Learning Processing

“Is there a good, basic tutorial for Processing?”

This question gets asked all the time. Processing is a powerful, open source, cross-platform (Mac, Windows, Linux) tool capable of all kinds of multimedia magic from video processing to generative 2D and 3D art and animation. There’s no graphical UI, just simplified Java code, but it really is simple enough to be used by non-programmers — frankly, I find it much easier than ActionScript (Flash) or Lingo (Director). But download it, and it’ll be extremely unclear where to begin. There’s no step-by-step tutorial, just a reference to commands and some sample code.

Fortunately, Josh Nimoy — the NYU whiz who created the excellent JMyron computer vision library — has written just the kind of “Processing quick start” you need:

Processing Tutorial for Macromedia Minds

It’ll be particularly friendly if you come from Director or even Flash. There are also a couple of reference books due, one from Processing’s original creators and another, more practical reference, in the works for next year by NYU faculty Daniel Shiffman. Even after those books have come out, though, I expect people will still find a quick start useful. If you’re trying to learn Processing or even just want to see an overview of what it is and how it works, this is for you.

Incidentally, ignore the references to Proce55ing and P5; when Processing had zero Google rank for confusion with other forms of (lower-case) processing, this odd spelling was needed. Now, virtually no one uses these names.

Teaching Computers to See

Processing happens to be a great environment for working with computer vision applications, but that brings us to the next question: what’s computer vision, and how do you learn about that? Computer vision is a broad term applied to various techniques for teaching computers to “see” the way we do. This can be very simple, like basic motion detection and using frame differencing to display parts of an image that change from frame to frame. It can also be more sophisticated and interactive, from basic collision-detection with individual pixels to tracking discrete objects as they move around the screen.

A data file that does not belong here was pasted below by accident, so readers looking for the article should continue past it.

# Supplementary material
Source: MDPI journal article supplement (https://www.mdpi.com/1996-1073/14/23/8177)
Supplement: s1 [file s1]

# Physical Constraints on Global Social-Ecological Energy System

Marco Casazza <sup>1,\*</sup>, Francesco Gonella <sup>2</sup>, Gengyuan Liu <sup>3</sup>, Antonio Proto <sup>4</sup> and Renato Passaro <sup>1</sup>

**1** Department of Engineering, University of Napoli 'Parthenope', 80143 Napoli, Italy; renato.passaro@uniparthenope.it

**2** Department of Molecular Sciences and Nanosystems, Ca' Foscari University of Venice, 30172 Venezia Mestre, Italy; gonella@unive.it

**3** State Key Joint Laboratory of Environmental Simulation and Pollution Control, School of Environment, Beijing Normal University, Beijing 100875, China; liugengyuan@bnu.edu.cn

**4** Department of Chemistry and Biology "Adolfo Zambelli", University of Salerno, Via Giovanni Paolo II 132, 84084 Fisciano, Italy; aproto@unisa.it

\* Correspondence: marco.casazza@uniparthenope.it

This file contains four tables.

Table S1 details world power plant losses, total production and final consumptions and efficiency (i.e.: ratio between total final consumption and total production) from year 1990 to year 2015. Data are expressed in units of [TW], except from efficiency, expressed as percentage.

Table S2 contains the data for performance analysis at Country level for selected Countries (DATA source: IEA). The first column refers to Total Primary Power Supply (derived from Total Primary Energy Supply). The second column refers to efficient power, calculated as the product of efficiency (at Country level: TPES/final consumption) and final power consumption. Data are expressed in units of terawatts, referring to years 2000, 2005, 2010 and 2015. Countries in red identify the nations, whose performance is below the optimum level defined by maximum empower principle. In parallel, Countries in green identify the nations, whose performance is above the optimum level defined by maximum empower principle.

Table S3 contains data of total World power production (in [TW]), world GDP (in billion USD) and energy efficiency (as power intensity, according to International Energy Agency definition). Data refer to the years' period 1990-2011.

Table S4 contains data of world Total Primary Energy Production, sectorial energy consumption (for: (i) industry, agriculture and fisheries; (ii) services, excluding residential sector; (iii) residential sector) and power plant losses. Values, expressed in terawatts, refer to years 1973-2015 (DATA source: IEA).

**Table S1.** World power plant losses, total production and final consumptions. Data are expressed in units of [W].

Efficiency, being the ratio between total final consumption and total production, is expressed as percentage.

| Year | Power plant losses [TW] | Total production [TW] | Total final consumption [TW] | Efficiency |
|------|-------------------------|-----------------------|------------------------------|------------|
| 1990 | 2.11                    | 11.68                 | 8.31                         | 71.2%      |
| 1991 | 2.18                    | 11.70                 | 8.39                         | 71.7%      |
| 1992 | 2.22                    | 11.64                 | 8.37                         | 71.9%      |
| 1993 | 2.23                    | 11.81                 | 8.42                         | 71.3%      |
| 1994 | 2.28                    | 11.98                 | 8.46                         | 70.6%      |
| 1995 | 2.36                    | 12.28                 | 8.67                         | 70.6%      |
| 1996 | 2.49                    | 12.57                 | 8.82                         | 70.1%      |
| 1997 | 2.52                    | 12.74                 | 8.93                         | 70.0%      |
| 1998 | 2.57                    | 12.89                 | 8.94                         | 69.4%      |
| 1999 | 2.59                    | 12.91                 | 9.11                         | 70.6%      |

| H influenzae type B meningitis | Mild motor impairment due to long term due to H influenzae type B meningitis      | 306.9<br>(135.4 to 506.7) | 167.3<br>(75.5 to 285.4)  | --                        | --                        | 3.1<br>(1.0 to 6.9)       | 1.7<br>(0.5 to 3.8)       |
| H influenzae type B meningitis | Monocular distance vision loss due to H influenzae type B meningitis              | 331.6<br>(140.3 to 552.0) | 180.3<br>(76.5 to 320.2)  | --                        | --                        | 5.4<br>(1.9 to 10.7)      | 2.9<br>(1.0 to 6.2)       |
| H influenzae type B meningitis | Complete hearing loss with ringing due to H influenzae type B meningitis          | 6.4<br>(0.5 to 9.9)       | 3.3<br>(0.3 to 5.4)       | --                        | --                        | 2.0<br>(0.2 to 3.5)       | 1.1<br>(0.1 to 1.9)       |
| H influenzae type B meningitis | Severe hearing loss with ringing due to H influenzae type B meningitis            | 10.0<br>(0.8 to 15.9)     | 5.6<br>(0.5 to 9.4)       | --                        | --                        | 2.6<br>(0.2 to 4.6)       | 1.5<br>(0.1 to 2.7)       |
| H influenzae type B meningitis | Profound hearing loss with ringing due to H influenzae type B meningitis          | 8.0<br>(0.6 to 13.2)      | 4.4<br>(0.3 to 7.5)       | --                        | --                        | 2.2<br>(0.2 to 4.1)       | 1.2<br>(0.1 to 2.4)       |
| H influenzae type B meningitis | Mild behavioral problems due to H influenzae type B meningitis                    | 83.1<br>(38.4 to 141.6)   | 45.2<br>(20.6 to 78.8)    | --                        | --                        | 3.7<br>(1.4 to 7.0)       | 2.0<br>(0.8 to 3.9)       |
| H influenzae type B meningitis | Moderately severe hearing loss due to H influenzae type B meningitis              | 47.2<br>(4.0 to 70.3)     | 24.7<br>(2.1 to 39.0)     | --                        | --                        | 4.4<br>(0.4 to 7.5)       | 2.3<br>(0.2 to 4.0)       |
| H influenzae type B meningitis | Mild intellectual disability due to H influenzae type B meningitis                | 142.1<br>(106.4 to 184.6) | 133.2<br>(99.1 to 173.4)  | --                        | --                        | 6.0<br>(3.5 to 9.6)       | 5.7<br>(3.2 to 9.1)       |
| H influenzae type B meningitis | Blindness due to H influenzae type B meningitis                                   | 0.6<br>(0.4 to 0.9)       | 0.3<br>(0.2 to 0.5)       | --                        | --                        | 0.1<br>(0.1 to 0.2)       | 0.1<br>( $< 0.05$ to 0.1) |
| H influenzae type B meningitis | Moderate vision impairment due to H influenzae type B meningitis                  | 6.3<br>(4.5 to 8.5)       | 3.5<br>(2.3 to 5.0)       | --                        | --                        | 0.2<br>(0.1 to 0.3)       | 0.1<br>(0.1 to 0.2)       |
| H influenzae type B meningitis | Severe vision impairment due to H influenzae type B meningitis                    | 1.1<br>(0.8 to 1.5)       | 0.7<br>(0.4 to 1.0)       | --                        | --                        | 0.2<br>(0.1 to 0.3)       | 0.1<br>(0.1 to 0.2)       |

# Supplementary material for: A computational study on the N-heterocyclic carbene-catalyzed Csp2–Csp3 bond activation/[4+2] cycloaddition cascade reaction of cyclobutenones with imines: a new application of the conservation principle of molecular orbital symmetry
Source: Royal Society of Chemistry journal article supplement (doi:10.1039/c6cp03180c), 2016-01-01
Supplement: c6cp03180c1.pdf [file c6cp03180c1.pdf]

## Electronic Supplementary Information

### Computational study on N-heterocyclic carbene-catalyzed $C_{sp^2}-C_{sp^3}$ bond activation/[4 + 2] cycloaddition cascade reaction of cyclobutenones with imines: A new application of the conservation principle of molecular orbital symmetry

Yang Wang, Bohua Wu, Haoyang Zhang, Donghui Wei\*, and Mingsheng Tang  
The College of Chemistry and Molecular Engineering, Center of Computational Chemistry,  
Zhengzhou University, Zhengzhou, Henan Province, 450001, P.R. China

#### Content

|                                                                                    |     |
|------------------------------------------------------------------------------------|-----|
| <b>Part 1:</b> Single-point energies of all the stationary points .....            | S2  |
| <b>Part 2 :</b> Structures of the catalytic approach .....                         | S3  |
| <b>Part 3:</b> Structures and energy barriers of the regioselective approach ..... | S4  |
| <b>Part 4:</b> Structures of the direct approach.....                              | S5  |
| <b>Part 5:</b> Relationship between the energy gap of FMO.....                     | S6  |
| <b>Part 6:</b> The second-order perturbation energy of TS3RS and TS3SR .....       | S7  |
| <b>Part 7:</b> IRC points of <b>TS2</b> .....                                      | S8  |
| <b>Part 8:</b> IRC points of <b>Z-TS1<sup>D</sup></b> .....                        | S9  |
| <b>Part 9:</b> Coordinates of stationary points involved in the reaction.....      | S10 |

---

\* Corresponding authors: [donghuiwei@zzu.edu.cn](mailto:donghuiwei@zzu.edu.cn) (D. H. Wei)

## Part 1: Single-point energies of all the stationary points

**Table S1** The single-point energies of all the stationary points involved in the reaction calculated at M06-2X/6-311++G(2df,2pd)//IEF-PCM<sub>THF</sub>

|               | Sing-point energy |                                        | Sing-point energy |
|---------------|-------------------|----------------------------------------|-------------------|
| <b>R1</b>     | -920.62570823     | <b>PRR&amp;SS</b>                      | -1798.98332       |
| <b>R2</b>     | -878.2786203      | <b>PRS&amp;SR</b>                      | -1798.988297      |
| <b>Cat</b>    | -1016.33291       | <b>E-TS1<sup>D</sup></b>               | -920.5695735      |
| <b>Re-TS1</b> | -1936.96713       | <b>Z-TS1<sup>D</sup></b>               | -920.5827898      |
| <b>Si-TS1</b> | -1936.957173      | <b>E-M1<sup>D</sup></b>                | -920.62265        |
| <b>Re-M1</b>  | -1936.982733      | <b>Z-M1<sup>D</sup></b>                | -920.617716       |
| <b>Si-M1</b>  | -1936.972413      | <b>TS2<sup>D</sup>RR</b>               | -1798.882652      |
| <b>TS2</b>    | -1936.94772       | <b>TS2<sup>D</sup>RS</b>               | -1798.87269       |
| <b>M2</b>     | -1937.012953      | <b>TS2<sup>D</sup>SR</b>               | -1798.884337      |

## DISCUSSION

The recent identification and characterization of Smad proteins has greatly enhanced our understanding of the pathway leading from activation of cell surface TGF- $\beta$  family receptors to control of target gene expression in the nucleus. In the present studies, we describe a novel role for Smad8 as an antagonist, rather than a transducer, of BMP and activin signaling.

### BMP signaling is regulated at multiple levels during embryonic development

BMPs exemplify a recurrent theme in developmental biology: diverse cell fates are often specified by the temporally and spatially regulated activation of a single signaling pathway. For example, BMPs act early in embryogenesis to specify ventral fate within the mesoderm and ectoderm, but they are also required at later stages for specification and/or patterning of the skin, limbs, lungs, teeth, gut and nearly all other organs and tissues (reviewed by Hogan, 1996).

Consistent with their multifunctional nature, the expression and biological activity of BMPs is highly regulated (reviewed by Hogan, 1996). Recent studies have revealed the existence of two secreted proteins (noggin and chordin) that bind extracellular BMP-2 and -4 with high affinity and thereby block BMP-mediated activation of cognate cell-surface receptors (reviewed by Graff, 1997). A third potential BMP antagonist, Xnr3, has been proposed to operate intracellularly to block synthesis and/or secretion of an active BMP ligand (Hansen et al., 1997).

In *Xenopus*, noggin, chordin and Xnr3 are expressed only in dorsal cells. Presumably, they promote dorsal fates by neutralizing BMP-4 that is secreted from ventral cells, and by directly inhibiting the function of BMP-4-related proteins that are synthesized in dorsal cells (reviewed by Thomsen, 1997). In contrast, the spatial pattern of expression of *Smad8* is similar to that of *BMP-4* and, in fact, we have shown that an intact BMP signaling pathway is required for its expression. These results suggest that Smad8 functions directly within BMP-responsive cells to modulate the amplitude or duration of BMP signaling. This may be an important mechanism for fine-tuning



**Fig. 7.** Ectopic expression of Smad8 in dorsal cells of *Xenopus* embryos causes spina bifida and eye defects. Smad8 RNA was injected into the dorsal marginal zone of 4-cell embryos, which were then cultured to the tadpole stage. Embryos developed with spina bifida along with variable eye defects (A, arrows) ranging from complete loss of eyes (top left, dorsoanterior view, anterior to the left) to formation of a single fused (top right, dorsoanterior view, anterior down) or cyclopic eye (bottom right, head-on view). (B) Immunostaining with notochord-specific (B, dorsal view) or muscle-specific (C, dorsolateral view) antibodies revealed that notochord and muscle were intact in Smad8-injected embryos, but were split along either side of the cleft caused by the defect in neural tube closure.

Working with computer vision is a little like working with video in general: some of the basic techniques are simple and commonly-understood, but turning them into something artistic is easily a lifetime endeavor. That said, here’s one of the best places to start I’ve seen yet:

eating video: Workshop by Zachary Lieberman

Zach Lieberman is best known for his work on Messa di Voce, a beautiful interactive music piece with simple but elegant animations of circles and other shapes floating around performers and appearing to stream out of their mouths. For this workshop in Barcelona, he provides some terrific background reading (including the tutorial above), plus various code examples in Processing.

Missa di Voce is a glimpse of what computer vision can mean for performance, in what is likely to be a quickly-expanding medium.

This is extremely basic stuff in the workshop examples, but it’s a good place to start. (Windows users will need WinVDIG as this uses the built-in Processing capture library and QuickTime for Java.) Next, I’d suggest turning to JMyron (which also saves Windows users the trouble of using WinVDIG); check out the examples included with that download:

Myron aka webcamxtra aka JMyron from Josh Nimoy

Read through these materials, work through Josh’s tutorial, and work through the examples in JMyron, and you’ll be well on your way to creating some basic interactive motion pieces in Processing. I’ve been developing some of my own, so since that last step isn’t terribly well-documented, stay glued to Create Digital Motion and I’ll try to write something up in the next couple of weeks.